Music is a subject that you learn during childhood. Well, so I thought.
Growing up in a music family, I did the usual – graded Classical exams. It felt like a military boot camp especially when both my parents were music teachers.
Quitting was never an option.
The discipline was not fun especially during holidays when every single relative’s houses had pianos. School felt like holiday instead. Having learnt two instruments at the same time (piano and violin), I had the passion for one but not the other. Big difference. One felt fun, the other felt like a burden.
When times got challenging, it was always the one with passion that felt easier to go through. Only when I was older did I realise the importance of passion.
Music never really had a good reputation back in the days. Either it was “music teachers are poor” (hence why I was embarrassed when asked about my parents’ occupation), or it was related to “sex, drugs and Rock and Roll”. Bearing in mind these two “options, I had to choose either path if music was going to be a career.
Since there’s no market for Classical music performances in this country and teaching wasn’t my cup of tea, I chose the other path and started exploring options. Soon did I discover music arranging, performing, music directing, music producing, etc. so the transition began.
All transitions are tough, challenging and definitely out of ones comfort zone. Change is like a birth. It takes time, and when it fully matures, something awesome is born.
The process makes you feel “sick”, uncomfortable, complicated and definitely stressful. A mother in labour never says “I don’t think I want to give birth”. Similarly, an up and coming musician must never quit just before their big breakthrough.
Every job has its challenges. Some are easier and some are tougher. It’s like playing levelled games. The higher the level, the tougher it gets.
But my biggest challenge is always dealing with people. Communicating with different individuals is definitely challenging. But dealing with artistic people or anyone in the creative line requires skills of a different level. It’s an art. Taking into consideration their higher level of sensitivity to express their craft, choice of words is essential.
Boy, how I have learnt this the hard way, offending many as I went along this learning curve. Timing of approach is also crucial in every aspect. The majority don’t follow common working ours for one. And if caught at the wrong time, ideas can fly away just like that, hence facing the “music”.
Speaking of timing, punctuality also has a very different meaning. Coming from that “military” background and an upbringing that had full of principles, adapting to a more flexibly accepted sense of punctuality was something I struggled to understand but definitely got used to it through the years. Being “by the book” only drew people further.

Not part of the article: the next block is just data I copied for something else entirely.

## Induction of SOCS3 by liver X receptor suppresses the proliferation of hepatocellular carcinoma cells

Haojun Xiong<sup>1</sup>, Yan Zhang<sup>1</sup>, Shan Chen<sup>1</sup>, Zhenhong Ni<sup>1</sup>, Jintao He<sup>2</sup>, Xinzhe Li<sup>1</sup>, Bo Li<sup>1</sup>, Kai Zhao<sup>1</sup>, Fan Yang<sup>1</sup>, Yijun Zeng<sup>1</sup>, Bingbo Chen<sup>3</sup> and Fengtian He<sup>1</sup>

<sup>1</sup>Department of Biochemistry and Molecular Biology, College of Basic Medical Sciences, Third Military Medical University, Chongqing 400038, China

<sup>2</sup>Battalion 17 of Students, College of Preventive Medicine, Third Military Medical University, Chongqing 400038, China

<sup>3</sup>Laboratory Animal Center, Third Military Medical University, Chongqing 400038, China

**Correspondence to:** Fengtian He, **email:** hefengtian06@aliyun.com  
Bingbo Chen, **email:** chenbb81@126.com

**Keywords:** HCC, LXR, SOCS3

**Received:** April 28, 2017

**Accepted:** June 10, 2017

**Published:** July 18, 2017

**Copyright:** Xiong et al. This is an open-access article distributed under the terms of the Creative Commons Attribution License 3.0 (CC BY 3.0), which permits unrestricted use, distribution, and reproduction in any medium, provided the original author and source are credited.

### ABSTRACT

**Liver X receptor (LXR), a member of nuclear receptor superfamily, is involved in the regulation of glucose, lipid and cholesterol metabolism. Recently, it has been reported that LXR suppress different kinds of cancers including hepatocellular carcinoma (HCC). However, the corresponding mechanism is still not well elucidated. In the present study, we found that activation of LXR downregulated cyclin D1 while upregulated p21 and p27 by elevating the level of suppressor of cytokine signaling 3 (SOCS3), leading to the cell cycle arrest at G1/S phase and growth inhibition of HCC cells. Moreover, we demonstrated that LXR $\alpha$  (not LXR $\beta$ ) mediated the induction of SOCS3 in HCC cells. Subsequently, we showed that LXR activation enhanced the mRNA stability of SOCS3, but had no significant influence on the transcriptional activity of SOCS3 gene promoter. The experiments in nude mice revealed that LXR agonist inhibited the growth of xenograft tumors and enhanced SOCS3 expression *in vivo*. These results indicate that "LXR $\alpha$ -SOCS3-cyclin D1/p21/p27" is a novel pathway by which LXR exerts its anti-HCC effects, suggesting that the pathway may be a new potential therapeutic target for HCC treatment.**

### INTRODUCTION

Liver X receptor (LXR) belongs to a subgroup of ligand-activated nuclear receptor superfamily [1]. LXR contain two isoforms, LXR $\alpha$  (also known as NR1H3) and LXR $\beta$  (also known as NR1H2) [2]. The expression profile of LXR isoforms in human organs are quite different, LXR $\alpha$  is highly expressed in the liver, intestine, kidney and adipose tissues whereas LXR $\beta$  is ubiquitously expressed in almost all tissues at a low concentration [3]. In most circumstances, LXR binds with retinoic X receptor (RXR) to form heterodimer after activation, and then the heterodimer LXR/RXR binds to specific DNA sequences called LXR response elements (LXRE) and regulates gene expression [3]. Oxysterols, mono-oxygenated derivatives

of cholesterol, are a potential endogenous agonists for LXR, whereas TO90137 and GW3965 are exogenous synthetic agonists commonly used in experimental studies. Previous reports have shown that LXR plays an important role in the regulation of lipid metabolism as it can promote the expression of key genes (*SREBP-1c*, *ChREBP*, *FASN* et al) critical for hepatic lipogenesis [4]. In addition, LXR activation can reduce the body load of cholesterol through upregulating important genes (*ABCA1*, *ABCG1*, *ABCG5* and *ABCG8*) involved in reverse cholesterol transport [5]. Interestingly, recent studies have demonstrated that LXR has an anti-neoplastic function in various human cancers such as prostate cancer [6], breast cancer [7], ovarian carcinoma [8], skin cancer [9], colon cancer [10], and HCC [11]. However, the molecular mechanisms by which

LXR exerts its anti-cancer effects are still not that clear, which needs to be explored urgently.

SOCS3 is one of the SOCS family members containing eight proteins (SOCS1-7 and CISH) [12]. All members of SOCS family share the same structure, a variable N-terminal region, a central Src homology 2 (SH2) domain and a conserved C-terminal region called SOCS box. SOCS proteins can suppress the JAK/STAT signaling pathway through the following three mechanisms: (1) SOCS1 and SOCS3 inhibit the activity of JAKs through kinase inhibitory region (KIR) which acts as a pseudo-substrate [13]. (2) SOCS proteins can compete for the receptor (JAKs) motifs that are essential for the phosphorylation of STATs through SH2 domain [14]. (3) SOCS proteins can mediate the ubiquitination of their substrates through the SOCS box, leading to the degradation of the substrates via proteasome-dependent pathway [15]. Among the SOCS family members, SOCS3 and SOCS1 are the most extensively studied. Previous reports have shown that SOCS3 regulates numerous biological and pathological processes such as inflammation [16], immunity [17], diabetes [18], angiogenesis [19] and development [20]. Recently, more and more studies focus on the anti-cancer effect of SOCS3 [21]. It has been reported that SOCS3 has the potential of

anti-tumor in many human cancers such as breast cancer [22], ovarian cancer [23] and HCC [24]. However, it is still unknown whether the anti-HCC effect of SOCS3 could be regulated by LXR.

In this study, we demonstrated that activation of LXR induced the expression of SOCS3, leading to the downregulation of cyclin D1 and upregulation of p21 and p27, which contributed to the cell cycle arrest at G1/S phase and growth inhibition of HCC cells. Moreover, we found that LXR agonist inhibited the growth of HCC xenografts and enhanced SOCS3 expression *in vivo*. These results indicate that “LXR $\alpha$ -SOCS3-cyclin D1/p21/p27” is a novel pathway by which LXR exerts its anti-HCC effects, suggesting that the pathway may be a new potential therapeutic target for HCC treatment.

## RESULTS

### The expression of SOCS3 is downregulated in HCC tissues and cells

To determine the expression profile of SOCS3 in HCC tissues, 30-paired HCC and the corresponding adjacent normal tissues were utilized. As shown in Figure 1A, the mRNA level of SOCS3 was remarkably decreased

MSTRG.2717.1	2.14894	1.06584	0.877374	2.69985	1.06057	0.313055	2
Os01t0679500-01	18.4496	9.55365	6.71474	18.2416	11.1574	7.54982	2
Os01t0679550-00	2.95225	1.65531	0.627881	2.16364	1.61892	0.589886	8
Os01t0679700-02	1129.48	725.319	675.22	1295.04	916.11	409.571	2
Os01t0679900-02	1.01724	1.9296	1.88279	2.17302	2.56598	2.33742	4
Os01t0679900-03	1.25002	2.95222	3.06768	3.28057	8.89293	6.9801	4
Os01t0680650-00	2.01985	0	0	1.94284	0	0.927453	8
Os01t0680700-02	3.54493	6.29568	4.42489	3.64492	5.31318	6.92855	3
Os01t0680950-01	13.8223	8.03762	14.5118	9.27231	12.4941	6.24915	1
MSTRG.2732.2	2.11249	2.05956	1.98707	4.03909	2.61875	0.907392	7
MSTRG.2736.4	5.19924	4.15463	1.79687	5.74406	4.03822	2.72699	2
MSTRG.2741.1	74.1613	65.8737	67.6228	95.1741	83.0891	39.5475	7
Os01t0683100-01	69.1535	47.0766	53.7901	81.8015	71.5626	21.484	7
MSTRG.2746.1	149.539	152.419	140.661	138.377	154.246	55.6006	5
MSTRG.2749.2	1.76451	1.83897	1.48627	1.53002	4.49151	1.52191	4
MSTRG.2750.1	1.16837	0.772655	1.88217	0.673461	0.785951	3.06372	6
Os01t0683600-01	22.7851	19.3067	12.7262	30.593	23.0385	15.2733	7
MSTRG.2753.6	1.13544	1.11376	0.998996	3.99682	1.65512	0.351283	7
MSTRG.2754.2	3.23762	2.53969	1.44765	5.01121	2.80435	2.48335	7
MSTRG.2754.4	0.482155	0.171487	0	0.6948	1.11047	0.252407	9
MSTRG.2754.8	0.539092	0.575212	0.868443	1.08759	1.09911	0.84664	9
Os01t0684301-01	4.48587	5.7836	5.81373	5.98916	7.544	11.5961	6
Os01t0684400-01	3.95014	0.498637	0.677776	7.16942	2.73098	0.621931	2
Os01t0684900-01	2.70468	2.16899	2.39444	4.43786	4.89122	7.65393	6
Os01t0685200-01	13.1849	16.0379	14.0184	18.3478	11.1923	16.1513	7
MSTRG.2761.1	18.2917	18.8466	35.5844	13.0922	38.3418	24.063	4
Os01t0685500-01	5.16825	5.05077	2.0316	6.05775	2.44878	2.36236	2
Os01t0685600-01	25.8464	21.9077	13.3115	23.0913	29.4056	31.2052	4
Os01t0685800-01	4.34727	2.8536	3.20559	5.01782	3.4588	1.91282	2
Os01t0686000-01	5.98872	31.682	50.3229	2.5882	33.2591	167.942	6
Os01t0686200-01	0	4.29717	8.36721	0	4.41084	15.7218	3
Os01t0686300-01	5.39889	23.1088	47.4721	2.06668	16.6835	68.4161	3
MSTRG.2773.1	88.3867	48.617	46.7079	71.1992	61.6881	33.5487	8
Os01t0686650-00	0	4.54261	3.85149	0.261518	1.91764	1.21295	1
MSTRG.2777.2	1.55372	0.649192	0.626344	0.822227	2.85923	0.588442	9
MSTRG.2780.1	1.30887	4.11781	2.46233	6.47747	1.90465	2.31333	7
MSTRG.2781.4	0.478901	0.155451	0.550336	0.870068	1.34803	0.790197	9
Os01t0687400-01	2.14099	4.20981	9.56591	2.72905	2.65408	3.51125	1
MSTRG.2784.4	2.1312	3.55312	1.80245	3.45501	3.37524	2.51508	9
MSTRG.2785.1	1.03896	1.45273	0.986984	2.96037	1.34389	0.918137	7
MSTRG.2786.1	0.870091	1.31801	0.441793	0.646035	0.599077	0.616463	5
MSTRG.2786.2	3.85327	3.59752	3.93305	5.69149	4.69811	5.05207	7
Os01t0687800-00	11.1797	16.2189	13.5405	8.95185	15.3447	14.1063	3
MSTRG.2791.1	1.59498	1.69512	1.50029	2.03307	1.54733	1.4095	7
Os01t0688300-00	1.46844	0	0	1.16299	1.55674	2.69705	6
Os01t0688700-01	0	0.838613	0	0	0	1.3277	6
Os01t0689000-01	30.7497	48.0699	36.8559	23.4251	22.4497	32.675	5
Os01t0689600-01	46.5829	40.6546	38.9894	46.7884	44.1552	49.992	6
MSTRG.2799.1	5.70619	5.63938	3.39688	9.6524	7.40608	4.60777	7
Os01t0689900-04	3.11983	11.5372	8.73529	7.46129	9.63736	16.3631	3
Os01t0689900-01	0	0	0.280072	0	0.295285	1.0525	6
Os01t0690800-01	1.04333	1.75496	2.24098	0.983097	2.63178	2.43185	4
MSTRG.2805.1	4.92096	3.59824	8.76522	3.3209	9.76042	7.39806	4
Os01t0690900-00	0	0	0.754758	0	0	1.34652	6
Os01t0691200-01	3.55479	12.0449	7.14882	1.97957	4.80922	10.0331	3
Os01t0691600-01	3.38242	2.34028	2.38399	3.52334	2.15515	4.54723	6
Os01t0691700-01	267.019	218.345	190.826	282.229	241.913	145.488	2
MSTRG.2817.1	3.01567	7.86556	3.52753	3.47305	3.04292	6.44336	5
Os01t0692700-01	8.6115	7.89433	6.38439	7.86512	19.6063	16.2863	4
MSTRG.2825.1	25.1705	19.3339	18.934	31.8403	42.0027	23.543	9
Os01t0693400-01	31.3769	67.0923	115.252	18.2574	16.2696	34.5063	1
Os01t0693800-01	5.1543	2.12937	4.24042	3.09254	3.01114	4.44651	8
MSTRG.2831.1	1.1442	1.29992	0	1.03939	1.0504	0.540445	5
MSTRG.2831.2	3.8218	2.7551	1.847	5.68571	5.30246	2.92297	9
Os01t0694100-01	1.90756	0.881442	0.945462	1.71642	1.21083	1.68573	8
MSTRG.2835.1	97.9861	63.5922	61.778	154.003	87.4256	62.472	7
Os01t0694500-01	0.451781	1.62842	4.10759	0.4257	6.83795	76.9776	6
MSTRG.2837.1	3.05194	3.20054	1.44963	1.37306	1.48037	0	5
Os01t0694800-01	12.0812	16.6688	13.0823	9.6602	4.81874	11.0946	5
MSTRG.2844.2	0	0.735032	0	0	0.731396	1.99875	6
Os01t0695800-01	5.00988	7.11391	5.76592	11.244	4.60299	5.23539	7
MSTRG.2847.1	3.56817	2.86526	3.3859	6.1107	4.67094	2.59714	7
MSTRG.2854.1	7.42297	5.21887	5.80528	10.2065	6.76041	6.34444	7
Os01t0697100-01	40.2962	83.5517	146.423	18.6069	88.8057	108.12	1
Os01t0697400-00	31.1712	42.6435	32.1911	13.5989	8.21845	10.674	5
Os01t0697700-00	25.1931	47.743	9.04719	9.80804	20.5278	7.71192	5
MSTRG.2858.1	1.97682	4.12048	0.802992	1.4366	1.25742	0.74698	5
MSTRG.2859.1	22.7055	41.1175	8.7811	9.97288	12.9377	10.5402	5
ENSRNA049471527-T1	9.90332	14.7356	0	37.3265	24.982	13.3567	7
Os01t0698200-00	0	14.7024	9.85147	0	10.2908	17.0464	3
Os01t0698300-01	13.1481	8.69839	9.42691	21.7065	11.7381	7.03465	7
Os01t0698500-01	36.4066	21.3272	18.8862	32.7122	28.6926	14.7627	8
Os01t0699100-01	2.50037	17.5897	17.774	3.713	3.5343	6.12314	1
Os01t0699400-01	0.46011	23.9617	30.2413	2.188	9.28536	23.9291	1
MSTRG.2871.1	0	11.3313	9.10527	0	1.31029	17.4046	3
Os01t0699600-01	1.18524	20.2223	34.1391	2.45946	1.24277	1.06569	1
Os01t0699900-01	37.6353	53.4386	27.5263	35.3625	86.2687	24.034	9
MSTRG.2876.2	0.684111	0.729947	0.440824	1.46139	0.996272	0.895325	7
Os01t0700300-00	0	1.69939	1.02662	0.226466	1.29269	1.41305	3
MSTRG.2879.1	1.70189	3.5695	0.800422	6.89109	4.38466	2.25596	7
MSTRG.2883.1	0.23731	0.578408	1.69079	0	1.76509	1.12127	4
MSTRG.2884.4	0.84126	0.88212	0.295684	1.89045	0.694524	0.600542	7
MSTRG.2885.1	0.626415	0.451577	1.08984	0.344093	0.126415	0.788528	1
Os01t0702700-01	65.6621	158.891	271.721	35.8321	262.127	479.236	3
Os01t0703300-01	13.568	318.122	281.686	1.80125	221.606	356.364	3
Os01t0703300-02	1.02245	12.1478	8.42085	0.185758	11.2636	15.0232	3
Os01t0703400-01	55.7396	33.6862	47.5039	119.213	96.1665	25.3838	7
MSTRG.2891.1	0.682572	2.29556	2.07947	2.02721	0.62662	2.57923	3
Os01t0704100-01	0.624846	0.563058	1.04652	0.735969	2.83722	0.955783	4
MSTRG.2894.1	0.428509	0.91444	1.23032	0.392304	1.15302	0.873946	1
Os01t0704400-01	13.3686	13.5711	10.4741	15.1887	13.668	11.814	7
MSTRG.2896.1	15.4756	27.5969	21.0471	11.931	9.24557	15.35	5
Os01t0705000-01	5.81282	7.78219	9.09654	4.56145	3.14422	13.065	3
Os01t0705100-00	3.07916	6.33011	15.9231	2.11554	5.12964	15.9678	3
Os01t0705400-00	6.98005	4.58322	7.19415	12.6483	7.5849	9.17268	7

The journey continues from a music student, to a young sessionist, to a music arranger, to a music director and producer, and to a married version of all the above. Responsibilities shift and commitments are added.
But how does one balance between being a music director, producer, arranger, sessionist, wife, and even a manager and one point for me? I had to be all of the above at the same time without compartmentalising each role.
Coping with corporate dealings and creative input at the same time was a new challenge. Shifting from one side of the brain to the other constantly was definitely something to get used to.
Dealing with netizens is a newly acquired skill for today’s society. From representing myself, I now represent someone else. Priorities change, sacrifices are made. Responsibilities are added.
Living in this Malaysian culture, cooking was a plus point (especially to impress the new family). And so I picked it up and realised that cooking and music were very similar. Both were preference-based. Either you like it or you don’t.
Ingredients represented instruments and style of cooking represented genres of music. Recipe-based chefs were like the classical musicians and people who cooked freely based on whatever they had were like jazz and pop musicians. Cheap ingredients were like cheap sound samples. Both are therapeutic in their own ways. Even cooking needs practice.
So, thus far is the journey of a born and bred musician. At the end of this journey, all I can say is there’s no smooth ride. Life is all about ups and downs, just like what you see on a life support machine. It only goes flat when we are dead.
Focusing on the right thing is the key to not being swayed by the storms, trials and tribulations surrounding us. Choose to see the positive and cut out the negative. Failure is not when we fall but when we give up. There’s no end to learning.
Never be comfortable with where you are. Cut the excuses and always challenge ourselves to greater heights or try new things. You never know where that journey leads us.
Music Director, Producer & Arranger
Keyboardist for Hazama
and The Penglipur Lara
MY JOURNEY by Genervie Kam